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SCI/TECH: Life on Mars? Could Be, But How Will They Tell?

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posted on Mar, 28 2005 @ 11:49 PM
The possibility of life on Mars has long been an area of interest for scientists and UFO buffs alike. In 1996, scientists discovered what appeared to be organic formations, bacteria, and other such fossils in a meteorite that fell in Antartica. Since this discovery, interest in the possibility of life on Mars has grown. How will scientists be able to discover life, however? Scientists at Carnegie Melon have been working with scientists for SETI and NASA to devlop a means of detecting possible microscopic life both on and below the surface of Mars. The core of the system is a flourescent dye that glows under a xenon lamp in the prescence of organic matter. Recent tests using a robotic rover named Zoe (after the Greek word for life) in the Atacama Desert (one of the dryest locations on Earth, often used as a stand-in for Mars), have provided great results pointing towards the success of the system.
To simulate a real mission, a second team of scientists led by Dr. Nathalie A. Cabrol, a planetary geologist at the SETI Institute and NASA Ames Research Center in Mountain View, Calif., gathered in Pittsburgh. The scientists there acted as mission control, reviewing images and data collected by Zoë and deciding what it should do next.

While Zoë possessed the intelligence to roam at speeds up to 2 miles an hour, its operations were not completely autonomous. For one, Dr. Waggoner and others had to follow the rover around and squirt the fluorescent dyes onto the rocks as needed when the scientists in Pittsburgh found a rock that they thought merited closer analysis.

Once the dyes soaked in, a xenon lamp on Zoë's underside flashed. If DNA, proteins or chlorophyll, which is naturally fluorescent, were present, they would glow, their presence captured by a digital camera and radioed back to Pittsburgh.

After Zoë finished its work, the trailing scientists collected rock and soil samples to verify the rover's examination. In moister areas along the coast, Zoë successfully found lichens on rocks. In a drier area, Zoë reported DNA and proteins on seemingly barren rocks. Later, scientists were able to cultivate bacteria from those rocks.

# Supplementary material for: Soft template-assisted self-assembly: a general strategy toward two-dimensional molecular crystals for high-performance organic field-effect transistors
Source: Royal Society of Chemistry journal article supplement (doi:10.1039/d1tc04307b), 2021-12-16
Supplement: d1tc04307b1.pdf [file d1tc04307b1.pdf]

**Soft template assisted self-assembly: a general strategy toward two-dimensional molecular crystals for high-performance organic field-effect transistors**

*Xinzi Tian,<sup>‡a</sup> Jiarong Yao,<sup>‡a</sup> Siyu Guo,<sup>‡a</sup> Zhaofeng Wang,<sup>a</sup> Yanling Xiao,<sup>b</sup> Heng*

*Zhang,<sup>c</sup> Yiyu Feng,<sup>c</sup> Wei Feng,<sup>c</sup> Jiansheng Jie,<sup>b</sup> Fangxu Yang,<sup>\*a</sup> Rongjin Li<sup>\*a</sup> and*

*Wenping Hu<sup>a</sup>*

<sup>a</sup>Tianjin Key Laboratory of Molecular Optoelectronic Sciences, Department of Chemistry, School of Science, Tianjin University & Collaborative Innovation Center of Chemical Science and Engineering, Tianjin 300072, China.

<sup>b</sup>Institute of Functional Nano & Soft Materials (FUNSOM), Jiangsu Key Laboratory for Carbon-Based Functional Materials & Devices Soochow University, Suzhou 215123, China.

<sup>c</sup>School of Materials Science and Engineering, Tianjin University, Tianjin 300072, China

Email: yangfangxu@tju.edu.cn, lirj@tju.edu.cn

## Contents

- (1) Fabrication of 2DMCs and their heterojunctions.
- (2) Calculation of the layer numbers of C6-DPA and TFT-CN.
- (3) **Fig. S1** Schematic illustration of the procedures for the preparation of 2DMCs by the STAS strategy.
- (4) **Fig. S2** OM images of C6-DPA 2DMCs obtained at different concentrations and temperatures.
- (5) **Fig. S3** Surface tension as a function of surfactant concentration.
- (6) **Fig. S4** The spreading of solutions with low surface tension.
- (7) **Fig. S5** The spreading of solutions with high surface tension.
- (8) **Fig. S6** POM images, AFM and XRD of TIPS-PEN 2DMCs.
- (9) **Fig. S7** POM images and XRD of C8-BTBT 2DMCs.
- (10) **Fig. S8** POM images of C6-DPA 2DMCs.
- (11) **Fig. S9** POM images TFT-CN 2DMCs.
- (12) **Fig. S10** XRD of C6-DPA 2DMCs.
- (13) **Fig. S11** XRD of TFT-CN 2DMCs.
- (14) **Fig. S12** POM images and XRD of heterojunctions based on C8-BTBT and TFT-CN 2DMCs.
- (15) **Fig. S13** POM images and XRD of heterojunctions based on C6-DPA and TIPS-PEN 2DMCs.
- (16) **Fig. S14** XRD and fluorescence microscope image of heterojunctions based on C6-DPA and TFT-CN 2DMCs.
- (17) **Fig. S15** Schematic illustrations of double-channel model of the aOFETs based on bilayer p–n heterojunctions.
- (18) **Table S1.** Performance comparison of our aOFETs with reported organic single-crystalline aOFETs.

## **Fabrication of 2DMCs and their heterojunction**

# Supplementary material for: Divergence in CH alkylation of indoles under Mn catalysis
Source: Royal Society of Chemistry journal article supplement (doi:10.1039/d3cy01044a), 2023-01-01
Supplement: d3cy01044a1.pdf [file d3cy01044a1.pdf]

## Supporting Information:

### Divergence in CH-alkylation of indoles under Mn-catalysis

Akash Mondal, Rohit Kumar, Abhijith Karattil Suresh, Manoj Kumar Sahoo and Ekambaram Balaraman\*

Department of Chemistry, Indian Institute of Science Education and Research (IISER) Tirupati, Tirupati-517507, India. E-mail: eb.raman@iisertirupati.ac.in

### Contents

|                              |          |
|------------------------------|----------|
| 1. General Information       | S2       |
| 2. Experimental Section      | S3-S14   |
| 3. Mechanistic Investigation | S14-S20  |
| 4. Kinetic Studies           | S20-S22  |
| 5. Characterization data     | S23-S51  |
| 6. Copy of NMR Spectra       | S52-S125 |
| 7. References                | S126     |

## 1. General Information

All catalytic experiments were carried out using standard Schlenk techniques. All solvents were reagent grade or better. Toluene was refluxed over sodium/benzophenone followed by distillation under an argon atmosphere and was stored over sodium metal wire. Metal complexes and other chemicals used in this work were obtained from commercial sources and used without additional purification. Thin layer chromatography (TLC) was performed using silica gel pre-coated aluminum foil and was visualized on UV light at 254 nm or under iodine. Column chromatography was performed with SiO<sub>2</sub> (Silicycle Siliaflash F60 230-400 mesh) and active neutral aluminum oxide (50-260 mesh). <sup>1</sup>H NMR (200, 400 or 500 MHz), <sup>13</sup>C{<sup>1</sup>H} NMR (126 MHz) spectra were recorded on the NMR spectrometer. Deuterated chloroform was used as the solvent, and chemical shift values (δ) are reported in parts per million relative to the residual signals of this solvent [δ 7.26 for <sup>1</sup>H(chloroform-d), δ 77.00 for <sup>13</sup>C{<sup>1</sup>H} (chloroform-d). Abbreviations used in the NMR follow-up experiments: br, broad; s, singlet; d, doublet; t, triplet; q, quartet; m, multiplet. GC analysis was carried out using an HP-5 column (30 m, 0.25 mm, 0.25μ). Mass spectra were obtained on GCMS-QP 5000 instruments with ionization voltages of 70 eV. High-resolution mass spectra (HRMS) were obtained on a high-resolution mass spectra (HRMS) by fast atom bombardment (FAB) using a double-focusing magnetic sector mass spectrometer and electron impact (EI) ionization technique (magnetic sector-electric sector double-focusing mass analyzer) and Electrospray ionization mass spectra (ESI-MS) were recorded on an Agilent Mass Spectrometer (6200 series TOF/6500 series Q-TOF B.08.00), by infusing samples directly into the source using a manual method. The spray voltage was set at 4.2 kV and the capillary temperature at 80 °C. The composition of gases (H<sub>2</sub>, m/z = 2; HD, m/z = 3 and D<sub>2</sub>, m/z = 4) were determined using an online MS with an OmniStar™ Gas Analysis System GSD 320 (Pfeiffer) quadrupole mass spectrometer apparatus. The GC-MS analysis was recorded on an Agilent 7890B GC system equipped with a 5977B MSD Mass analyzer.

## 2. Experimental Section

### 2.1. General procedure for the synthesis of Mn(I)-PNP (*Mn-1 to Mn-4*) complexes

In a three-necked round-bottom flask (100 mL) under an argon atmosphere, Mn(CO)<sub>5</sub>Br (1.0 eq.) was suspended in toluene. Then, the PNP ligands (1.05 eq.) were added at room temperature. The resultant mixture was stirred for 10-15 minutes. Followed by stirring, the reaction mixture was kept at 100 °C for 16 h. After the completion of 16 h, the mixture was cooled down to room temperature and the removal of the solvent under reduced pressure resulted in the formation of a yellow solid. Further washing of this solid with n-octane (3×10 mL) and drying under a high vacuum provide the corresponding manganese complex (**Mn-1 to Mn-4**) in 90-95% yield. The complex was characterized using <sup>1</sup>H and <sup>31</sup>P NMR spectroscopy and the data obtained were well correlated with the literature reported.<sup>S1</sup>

Please visit the link provided for the complete story.

While tests seem to be quite capable of detecting microscopic life on Mars, delivery of a complete system to administer these tests still needs a little work. Since the Zoe robot has proven successful, this will probably be the means used to administer the tests. However, Zoe still needs to be outfitted with a spray system to apply the dyes as well as a means of drilling, tunneling, or otherwise burrowing beneath the Martian landscape to test for subterrainean life.

Hopefully, results of these tests will finally put to rest the arguments of the existence of extra-terrestrial life, and instead limit it to the debate of the levels of evolution achieved by extra-terrestrial life.

It is not believed that life on Mars, if it exists, has evolved much beyond the bacterial stage.

Interestingly enough, the scientific community seems to support the idea that Mars at least once supported life, if it doesn't still:

In an informal poll taken last month at a conference in the Netherlands, three-quarters of 250 scientists working on the European Space Agency's Mars Express mission said they believed Mars once possessed conditions hospitable to life. One quarter believe it still does.

posted on Mar, 28 2005 @ 11:55 PM
This is actually a more difficult question than one might think. Finding microscopic fossils of tiny bacteria would be easy compared to some of the real difficulties to identifiying truly alien life.

If nothing else, what if a virus was found? Viruses aren't considered alive by a lot of people. Prions also aren't considered alive. I'd agree that they both indicate life exists even if they aren't alive, but the point is, heck, man can't even indentify what's alive on his own planet. Imagine the bizzare and unfamiliar possibilities out there.

posted on Mar, 29 2005 @ 01:18 PM
There will be no universal acceptance of life on Mars, until it actually waves and says "Hi, Mom!" thru the probe cameras.

Too much politics in science these days, too much intramural fighting for funding, too many scientists like little kids or corporate drones, needing to step on someone else to get ahead.

A lot like American politics. Choose your side (party) and do/say whatever you can to discredit the other camp. Doesn't matter if you know they are right on an issue, berate it and deny it anyways. And don't do something that the other party mentioned, even if it makes sense, because it'll get out that you used their idea, and that'll get them more funding (votes).

Until this us vs. them paradigm in humanity is resolved, we're stagnated and screwed. In nations, in economy, in environment, you name it.

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